As emphasized earlier, Darwin recognized a crucial role of chance in evolution, but that role was limited to one part of the evolutionary process only: the emergence of changes (mutations, in the modern parlance). The rest of evolution was envisaged as a deterministic domain of necessity, with selection fixing advantageous mutations and the rest of mutations being eliminated without any long-term consequence. However, when population dynamics entered the picture, the situation changed dramatically. The founders of quantitative population genetics encapsulated in simple formulas the dependence of the intensity of selection on population size and mutation rate (see Box 1-1 and Figure 1-2). In a large population with a high mutation rate, selection is effective, and even a slightly advantageous mutation is fixed with near certainty (in an infinite population, a mutation with an infinitesimally small positive selection coefficient is fixed deterministically). Wright realized that a small population, especially one with a low mutation rate, is quite different. Here random genetic drift plays a crucial role in evolution through which neutral or even deleterious (but, of course, nonlethal) mutations are often fixed by sheer chance. Clearly, through drift, an evolving population can violate the principle of upward-only movement in the fitness landscape and might slip down (see Figure 1-2).8 Most of the time, this results in a downward movement and subsequent extinction, but if the valley separating the local peak from another, perhaps taller one is narrow, then crossing the valley and starting a climb to a new, perhaps taller summit becomes possible (see Figure 1-2). The introduction of the notion of drift into the evolutionary narrative is central to my story. Here chance enters the picture at a new level: Although Darwin and his immediate successors saw the role of chance in the emergence of heritable change (mutations), drift introduces chance into the next phase—namely, the fixation of these changes—and takes away some of the responsibility from selection. I explore just how important the role of drift is in different situations during evolution throughout this book.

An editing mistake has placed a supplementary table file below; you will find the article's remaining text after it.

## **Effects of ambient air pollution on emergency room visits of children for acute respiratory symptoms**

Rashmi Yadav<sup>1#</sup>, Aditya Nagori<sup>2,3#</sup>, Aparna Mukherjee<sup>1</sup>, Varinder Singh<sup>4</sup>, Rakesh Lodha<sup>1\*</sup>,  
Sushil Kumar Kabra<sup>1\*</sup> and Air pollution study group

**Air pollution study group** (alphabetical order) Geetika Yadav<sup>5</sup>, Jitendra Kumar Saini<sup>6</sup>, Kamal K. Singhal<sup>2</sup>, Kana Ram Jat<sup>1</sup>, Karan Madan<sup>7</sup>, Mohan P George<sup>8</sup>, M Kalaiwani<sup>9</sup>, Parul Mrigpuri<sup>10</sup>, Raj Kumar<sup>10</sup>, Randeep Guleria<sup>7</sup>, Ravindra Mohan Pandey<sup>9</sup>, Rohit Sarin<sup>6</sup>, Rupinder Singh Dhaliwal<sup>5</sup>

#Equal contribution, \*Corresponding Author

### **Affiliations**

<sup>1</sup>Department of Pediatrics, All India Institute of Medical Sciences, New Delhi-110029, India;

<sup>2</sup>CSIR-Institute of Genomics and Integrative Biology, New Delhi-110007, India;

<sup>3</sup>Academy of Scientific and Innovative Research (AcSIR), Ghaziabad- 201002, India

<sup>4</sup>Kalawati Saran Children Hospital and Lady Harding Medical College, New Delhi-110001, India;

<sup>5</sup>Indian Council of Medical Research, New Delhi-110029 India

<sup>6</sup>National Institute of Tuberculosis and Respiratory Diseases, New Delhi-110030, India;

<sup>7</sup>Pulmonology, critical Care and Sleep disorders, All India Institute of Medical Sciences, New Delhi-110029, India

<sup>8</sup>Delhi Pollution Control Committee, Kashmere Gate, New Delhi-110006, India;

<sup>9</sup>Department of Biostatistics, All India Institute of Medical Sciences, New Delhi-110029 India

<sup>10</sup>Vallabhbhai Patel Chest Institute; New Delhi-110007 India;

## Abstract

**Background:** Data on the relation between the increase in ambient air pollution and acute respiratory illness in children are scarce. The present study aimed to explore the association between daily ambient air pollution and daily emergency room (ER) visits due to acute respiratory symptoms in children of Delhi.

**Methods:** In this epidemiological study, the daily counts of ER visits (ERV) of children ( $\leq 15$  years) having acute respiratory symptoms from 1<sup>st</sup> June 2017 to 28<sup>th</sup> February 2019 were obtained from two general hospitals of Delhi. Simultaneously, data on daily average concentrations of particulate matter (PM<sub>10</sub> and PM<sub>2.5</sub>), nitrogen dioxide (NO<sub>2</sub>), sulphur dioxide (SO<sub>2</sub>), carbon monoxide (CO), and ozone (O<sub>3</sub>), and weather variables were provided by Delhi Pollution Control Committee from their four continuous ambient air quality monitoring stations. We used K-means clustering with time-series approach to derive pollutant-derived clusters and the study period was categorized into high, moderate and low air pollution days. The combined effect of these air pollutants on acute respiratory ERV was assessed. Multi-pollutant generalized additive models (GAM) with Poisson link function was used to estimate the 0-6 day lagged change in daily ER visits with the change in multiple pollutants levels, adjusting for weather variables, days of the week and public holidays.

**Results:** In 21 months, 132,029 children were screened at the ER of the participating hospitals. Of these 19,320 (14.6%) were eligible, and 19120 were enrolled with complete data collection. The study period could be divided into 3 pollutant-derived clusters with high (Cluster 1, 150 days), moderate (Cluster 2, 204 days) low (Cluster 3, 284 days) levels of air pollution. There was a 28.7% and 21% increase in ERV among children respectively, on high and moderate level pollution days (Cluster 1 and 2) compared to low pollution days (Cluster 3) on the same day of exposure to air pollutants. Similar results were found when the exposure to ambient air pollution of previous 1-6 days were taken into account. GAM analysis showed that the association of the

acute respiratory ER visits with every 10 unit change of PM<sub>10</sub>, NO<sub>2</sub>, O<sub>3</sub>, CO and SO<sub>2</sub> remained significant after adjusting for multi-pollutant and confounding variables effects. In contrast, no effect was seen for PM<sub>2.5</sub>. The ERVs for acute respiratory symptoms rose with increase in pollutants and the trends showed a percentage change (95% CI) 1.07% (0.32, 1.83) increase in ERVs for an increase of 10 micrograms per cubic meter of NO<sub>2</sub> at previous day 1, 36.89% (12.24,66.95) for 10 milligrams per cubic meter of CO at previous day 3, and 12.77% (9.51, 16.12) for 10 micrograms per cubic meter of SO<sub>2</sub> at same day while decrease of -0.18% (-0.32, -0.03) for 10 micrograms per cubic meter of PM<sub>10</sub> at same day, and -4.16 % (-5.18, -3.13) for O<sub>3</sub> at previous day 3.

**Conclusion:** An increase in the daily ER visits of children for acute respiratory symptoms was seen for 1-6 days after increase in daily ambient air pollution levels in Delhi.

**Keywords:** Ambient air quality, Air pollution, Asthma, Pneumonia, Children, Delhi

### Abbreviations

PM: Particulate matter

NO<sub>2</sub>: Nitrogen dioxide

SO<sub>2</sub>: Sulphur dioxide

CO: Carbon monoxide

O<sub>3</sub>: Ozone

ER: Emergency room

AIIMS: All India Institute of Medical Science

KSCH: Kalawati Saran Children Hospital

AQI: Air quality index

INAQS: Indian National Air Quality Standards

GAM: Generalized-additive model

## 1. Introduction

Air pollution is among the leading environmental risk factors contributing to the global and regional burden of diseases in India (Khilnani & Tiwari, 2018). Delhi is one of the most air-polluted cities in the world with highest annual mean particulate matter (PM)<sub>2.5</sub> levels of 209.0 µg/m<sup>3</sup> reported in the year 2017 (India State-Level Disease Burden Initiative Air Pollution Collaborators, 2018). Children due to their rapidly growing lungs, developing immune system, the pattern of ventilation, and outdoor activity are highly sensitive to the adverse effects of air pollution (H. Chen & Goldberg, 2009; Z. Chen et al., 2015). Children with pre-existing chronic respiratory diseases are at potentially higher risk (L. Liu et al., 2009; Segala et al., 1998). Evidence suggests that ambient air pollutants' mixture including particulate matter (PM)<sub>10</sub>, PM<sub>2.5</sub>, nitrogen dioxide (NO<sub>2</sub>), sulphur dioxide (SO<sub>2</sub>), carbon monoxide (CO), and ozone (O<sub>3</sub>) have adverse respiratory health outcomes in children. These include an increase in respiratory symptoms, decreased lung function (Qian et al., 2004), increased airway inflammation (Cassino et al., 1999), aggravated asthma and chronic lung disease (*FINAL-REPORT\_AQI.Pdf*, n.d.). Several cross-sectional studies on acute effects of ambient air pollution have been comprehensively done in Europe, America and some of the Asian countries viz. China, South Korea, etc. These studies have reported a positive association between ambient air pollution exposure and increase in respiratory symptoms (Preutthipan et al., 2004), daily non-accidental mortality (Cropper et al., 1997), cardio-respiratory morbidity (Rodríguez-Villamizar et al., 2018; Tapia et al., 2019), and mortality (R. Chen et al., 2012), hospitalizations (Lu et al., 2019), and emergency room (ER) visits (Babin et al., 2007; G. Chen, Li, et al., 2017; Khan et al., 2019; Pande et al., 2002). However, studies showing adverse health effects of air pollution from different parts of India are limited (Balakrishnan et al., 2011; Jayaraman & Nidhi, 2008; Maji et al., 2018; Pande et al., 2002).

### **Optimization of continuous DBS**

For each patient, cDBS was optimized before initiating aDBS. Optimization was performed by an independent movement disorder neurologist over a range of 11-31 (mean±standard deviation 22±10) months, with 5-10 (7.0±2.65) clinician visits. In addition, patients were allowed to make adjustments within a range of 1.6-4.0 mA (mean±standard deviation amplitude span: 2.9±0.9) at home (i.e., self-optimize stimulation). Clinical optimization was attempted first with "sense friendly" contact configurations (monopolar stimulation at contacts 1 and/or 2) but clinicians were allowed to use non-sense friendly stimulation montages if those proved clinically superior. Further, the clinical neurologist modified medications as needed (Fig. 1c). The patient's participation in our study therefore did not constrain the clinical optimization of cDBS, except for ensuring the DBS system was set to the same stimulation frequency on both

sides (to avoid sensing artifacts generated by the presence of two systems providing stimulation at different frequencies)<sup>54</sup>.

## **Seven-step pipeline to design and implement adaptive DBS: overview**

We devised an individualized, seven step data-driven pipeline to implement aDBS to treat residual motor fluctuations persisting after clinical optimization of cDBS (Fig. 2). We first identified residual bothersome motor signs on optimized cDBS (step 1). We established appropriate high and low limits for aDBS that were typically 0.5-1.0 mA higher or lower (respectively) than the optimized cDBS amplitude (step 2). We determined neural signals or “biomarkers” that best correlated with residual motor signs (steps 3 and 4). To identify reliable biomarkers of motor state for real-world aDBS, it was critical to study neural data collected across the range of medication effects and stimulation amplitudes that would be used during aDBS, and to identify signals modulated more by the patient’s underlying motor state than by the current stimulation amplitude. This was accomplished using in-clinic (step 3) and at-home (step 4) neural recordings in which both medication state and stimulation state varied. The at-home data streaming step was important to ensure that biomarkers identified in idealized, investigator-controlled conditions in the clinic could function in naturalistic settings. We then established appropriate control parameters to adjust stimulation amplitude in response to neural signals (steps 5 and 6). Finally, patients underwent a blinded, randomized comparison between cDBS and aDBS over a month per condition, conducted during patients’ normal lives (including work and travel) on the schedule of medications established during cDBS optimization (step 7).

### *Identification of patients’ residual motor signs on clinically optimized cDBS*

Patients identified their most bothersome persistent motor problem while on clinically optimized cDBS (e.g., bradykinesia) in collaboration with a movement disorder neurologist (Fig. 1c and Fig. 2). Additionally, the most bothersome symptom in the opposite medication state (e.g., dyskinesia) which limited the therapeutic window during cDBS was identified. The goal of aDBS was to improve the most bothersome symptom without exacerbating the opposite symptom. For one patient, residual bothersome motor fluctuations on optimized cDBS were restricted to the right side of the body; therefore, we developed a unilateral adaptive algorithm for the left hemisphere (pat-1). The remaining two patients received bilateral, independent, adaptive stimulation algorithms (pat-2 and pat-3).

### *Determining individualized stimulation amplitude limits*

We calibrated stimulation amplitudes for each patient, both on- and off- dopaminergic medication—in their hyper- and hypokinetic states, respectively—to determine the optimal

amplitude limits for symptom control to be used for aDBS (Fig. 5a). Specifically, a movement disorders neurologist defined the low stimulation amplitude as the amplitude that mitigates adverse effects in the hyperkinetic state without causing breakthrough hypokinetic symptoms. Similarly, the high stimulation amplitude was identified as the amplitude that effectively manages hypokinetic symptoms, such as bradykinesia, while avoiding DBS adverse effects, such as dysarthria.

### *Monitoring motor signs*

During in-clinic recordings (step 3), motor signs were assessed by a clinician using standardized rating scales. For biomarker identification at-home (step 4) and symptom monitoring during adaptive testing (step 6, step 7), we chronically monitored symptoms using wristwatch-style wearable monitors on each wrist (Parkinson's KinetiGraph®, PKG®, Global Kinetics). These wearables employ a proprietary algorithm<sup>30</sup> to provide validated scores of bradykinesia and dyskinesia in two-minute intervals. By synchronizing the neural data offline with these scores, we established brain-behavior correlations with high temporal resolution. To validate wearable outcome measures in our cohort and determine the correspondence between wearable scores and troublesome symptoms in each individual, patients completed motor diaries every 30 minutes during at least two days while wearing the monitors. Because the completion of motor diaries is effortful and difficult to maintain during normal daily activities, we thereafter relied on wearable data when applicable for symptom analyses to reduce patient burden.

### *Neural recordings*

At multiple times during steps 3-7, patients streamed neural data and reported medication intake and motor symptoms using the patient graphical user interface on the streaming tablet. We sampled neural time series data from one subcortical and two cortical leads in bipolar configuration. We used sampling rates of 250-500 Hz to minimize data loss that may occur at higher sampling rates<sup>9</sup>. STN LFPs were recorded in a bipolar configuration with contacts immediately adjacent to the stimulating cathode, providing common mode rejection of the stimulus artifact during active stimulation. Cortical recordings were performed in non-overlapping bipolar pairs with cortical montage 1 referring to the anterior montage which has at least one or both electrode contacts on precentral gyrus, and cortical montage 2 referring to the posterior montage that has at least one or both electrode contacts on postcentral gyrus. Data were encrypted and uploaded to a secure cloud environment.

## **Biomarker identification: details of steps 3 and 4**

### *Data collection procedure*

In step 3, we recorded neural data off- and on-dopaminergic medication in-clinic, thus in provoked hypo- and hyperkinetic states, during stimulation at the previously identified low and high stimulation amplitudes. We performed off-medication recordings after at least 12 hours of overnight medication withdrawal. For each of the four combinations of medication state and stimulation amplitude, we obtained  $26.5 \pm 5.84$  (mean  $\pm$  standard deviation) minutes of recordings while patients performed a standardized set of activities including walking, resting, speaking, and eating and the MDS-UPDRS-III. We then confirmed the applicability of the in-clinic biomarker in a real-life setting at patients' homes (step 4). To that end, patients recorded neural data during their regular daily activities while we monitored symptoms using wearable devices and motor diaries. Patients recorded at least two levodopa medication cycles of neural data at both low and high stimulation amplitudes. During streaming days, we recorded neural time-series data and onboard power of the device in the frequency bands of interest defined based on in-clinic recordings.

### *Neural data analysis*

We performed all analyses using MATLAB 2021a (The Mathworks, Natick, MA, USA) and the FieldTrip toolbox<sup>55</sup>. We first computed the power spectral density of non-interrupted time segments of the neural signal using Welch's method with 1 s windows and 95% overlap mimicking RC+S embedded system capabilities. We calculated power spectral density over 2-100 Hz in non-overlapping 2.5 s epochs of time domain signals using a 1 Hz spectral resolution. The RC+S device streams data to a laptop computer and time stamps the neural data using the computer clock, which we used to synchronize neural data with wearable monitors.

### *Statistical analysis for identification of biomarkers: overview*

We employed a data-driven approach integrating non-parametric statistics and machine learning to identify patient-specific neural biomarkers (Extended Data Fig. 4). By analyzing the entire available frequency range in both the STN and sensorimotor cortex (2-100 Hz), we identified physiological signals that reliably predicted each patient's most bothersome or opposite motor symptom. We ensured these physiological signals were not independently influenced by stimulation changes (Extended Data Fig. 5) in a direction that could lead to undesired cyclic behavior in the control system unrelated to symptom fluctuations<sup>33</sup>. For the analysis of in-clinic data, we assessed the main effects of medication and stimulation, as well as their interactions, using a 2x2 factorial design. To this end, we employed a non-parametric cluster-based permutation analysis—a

Figure 1-2 Trajectories on a rugged fitness landscape. The dotted line is an evolutionary trajectory at a high effective population size. The solid line is an evolutionary trajectory at a low effective population size.
John Maynard Smith and, later, John Gillespie developed the theory and computer models to demonstrate the existence of a distinct mode of neutral evolution that is only weakly dependent on the effective population size and that is relevant even in infinite populations with strong selection. This form of neutral fixation of mutations became known as genetic draft and refers to situations in which one or more neutral or even moderately deleterious mutations spread in a population and are eventually fixed because of the linkage with a beneficial mutation: The neutral or deleterious alleles spread by hitchhiking with the linked advantageous allele (Barton, 2000). Some population-genetic data and models seem to suggest that genetic draft is even more important for the evolution in sexual populations than drift. Clearly, genetic draft is caused by combined effects of natural selection and neutral variation at different genomic sites and, unlike drift, can occur even in effectively infinite populations (Gillespie, 2000). Genetic draft may allow even large populations to fix slightly deleterious mutations and, hence, provides them with the potential to cross valleys on the fitness landscape.